Let's flip this around. Say you're a PC and a monster keeps temporarily opening a portal, doing a ranged attack and then the portal closes.. For whatever reason you can't get to the portal or prevent it from opening. When the portal is closed, the monster is hidden because you have no way of knowing what they're doing back there.

Would you expect the monster to get advantage every round they open the portal? I'd assume no. But take it even a step further ... you should be able to ready an action. Something like "when the portal opens and I see the monster I shoot it with an arrow". Sound okay? So as a PC you get to attack before the monster. You reacted to the monster because you knew it would appear from that same portal.

To me, advantage just means that the target of the attack never had that moment to react to the attack (although it's obviously not a "reaction" in game terms). But if the target of the rogue knows where the rogue is going to pop out from, it's already ready for an attack from that location.

Ultimately though, it's just a DM's call. In my games if the target never previously knew the rogue was behind the pillar, it will likely qualify for advantage. Just not attacking from the same location.
Yes, I would, as a player, be fine with that. Because I can do it as well. Goblins do this all the time -- hide as a bonus action and attack with advantage. It's baked into their CR. No problems with the concept.

The idea that you're just sitting there watching a PC popping up like a groundhog, going, "now.... now.....now..........now" is ridiculous. You're fighting for your life against someone with something sharp or heavy or both, and you know the PC is over there, but you aren't lasered in. This is one of those rulings that goes along with picturing something first and then finding the rules don't support that, so you fix the rules, rather than looking at what the rules say and then picturing it. I can easily see a situation where a crafty rogue is firing from cover and it's hard to guess from where -- hell, this was something I did quite often back in the 90's when laser tag (Qzar) was a thing.
 

jayoungr

Legend
Supporter
The idea that you're just sitting there watching a PC popping up like a groundhog, going, "now.... now.....now..........now" is ridiculous. You're fighting for your life against someone with something sharp or heavy or both, and you know the PC is over there, but you aren't lasered in. This is one of those rulings that goes along with picturing something first and then finding the rules don't support that, so you fix the rules, rather than looking at what the rules say and then picturing it. I can easily see a situation where a crafty rogue is firing from cover and it's hard to guess from where -- hell, this was something I did quite often back in the 90's when laser tag (Qzar) was a thing.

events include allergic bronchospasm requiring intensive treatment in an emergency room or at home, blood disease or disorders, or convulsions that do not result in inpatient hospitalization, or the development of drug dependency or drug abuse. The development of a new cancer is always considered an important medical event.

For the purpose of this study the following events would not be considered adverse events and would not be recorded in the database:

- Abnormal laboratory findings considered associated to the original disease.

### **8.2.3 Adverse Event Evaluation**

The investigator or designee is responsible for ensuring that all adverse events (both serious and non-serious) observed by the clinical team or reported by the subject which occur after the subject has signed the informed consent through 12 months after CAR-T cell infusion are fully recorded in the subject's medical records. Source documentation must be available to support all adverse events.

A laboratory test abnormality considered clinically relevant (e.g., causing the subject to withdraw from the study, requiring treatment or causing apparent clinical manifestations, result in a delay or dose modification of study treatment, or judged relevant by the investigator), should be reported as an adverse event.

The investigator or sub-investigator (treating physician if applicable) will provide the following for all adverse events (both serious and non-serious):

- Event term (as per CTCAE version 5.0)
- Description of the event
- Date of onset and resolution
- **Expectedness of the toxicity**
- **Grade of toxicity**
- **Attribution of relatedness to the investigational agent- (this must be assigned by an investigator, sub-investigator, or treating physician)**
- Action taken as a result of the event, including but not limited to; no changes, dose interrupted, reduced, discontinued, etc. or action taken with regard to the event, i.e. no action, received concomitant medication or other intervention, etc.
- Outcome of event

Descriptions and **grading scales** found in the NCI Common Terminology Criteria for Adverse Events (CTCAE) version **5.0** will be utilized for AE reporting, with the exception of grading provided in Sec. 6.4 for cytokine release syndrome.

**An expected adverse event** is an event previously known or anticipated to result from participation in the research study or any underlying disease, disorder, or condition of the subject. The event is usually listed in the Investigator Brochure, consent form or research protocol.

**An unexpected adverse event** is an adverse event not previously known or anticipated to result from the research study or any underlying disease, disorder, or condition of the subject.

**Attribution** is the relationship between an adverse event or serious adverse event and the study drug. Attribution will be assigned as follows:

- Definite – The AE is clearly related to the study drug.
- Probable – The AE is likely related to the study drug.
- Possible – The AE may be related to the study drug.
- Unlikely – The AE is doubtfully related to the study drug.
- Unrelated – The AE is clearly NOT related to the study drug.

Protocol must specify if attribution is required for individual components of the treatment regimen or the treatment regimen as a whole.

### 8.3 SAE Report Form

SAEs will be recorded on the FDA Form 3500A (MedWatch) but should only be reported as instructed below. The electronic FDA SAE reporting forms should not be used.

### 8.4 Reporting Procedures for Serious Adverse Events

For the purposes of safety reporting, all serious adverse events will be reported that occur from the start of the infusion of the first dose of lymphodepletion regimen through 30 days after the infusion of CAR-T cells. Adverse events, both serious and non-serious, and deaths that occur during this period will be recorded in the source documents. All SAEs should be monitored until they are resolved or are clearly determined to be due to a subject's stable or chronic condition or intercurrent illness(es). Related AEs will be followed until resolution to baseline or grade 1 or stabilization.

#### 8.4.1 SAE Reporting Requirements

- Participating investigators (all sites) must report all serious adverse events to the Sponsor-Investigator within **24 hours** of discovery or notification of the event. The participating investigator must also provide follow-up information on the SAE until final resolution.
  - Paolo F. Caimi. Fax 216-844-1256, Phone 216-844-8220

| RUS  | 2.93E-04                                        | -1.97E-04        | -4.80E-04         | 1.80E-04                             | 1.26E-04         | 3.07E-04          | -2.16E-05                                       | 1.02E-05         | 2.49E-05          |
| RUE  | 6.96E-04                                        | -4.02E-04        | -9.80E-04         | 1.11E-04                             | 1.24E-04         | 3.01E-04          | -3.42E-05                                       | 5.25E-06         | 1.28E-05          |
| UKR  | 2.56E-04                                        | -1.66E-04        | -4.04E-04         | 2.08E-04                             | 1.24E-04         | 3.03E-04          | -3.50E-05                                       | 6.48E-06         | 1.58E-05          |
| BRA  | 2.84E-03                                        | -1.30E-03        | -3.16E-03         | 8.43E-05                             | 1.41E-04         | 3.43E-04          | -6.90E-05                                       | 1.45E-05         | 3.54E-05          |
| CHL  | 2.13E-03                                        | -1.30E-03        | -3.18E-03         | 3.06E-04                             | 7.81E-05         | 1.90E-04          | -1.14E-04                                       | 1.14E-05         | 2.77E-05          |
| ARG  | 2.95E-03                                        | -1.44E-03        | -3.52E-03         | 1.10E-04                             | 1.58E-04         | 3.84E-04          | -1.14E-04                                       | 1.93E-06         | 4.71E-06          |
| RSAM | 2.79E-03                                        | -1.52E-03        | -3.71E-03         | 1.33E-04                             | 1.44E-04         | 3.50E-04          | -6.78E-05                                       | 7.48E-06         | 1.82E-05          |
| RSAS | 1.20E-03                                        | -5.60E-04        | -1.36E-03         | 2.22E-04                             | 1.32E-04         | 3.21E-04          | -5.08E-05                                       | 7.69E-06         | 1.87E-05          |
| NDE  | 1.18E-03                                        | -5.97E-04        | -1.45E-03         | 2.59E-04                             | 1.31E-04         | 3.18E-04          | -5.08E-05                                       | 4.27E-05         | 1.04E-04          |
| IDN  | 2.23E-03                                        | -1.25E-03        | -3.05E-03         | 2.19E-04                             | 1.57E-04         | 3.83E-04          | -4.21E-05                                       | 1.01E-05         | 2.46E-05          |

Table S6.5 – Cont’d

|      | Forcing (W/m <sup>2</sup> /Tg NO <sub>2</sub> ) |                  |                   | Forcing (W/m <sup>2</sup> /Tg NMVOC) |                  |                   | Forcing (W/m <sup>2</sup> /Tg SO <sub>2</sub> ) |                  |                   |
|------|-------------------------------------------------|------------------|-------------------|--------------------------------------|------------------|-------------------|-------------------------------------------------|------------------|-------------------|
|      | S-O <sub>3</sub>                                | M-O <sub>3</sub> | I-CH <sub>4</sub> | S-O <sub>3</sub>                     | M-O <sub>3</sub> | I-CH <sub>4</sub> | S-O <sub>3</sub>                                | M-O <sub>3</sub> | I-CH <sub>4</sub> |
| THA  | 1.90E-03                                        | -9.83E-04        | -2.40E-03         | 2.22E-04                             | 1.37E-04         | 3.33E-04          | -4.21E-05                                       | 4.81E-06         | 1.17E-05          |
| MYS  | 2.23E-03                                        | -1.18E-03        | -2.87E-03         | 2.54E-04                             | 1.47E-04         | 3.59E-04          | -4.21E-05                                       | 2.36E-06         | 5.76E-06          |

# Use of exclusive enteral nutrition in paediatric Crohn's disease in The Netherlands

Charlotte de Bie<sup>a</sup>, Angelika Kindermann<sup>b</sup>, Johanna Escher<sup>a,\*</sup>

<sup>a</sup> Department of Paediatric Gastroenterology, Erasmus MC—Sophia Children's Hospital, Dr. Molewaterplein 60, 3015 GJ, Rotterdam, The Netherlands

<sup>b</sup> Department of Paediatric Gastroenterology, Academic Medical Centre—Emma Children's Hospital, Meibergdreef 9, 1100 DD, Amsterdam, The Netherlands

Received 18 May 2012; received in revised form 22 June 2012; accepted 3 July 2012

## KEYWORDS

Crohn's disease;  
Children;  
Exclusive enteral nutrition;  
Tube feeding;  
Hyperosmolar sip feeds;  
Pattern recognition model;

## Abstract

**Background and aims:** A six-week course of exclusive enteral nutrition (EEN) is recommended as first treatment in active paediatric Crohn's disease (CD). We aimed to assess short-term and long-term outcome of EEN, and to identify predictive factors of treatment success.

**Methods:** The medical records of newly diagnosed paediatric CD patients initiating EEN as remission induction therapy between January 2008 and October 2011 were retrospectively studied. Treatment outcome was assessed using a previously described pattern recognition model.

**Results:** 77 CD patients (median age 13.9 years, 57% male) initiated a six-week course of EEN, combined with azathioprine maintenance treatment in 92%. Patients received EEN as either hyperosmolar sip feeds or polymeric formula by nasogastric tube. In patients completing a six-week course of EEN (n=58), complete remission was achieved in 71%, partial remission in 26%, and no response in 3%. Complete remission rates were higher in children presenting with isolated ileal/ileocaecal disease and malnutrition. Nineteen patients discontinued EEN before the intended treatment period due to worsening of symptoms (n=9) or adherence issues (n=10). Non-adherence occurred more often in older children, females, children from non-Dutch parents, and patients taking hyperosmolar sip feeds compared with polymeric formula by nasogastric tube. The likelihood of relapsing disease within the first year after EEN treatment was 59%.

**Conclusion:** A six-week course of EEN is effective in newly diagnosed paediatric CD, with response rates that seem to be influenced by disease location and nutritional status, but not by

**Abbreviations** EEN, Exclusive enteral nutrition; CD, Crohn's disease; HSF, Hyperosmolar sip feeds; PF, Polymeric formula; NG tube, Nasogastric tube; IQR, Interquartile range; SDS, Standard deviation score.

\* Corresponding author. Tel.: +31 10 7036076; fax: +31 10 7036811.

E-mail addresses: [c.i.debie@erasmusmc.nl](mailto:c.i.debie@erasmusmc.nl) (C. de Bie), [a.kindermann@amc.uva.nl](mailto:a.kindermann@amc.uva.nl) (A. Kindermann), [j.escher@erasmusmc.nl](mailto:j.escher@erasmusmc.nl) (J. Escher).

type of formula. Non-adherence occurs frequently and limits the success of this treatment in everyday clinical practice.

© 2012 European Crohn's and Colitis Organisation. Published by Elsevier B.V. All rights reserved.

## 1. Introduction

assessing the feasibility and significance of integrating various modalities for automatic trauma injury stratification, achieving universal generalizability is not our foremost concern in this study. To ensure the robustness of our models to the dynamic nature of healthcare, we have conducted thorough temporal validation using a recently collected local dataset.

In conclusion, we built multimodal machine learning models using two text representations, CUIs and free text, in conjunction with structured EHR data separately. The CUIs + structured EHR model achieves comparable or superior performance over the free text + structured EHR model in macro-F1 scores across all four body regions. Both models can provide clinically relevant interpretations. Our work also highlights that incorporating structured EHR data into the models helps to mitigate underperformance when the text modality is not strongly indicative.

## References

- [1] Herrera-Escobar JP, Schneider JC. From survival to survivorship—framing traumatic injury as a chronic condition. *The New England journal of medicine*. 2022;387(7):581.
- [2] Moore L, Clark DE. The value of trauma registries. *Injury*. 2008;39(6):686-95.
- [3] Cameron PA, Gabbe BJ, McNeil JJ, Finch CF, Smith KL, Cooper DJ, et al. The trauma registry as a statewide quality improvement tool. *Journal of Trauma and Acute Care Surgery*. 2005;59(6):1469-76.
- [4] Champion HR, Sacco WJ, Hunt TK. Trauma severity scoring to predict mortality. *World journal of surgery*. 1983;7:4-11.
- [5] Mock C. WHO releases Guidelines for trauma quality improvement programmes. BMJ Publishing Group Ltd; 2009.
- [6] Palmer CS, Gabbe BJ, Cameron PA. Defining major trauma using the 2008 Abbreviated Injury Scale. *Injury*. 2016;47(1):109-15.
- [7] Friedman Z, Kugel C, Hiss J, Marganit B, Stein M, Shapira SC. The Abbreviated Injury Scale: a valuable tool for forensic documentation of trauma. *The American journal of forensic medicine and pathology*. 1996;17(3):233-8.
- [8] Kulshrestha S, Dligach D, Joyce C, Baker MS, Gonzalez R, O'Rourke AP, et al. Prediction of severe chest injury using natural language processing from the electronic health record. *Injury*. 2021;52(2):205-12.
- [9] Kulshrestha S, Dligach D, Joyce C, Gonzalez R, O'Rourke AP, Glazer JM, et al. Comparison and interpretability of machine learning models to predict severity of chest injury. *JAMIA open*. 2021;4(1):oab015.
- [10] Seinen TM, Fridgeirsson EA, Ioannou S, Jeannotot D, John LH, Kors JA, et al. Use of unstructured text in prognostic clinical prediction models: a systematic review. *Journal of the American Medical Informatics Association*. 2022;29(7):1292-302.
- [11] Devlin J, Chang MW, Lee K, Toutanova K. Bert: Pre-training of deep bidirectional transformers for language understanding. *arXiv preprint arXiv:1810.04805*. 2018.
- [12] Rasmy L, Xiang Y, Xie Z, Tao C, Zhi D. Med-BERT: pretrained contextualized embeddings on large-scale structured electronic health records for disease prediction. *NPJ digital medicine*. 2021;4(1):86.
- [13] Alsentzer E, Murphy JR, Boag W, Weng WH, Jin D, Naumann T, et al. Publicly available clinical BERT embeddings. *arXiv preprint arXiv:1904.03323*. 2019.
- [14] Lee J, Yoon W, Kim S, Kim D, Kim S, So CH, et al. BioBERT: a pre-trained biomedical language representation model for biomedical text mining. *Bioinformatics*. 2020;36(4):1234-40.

Exactly. To those who say you shouldn't be able to hide and shoot multiple times from the same location, would you allow it if the rogue was hidden behind the monster? How about if the rogue was behind the monster and the monster was engaged in melee with two other PCs? Three?
 

Xetheral

Three-Headed Sirrush
If your DM is okay with someone being surprised they're being attacked the fifth time your rogue pops out from the exact same position more power to you. It's perfectly legit to run it that way.

I allow repeatedly hiding in the same position, on the grounds that even though the targets (think they) know the rogue is there, the successful hide check means they can't hear the rogue start moving to give advance warning of an incoming shot. By contrast, someone not hidden in the same position presumably makes noise that lets targets know a shot is imminent. So I'm not ruling that the targets are "surprised" to be repeatedly shot from that location, instead I'm ruling that the successful hide check means the targets don't know when the expected attack is coming, and thus the rogue gets advantage when it leans out (or pops up) and shoots.

Let's flip this around. Say you're a PC and a monster keeps temporarily opening a portal, doing a ranged attack and then the portal closes.. For whatever reason you can't get to the portal or prevent it from opening. When the portal is closed, the monster is hidden because you have no way of knowing what they're doing back there.

Would you expect the monster to get advantage every round they open the portal? I'd assume no.
In this scenario I would not give the monster advantage if the target can see or hear the portal opening. Only the monster is hidden, after all, not the portal itself, and the forewarning of the portal opening allows the target to anticipate the timing of the attack. (The monster might still get advantage if it can attack while remaining entirely unseen, but then hiding has nothing to do with it.)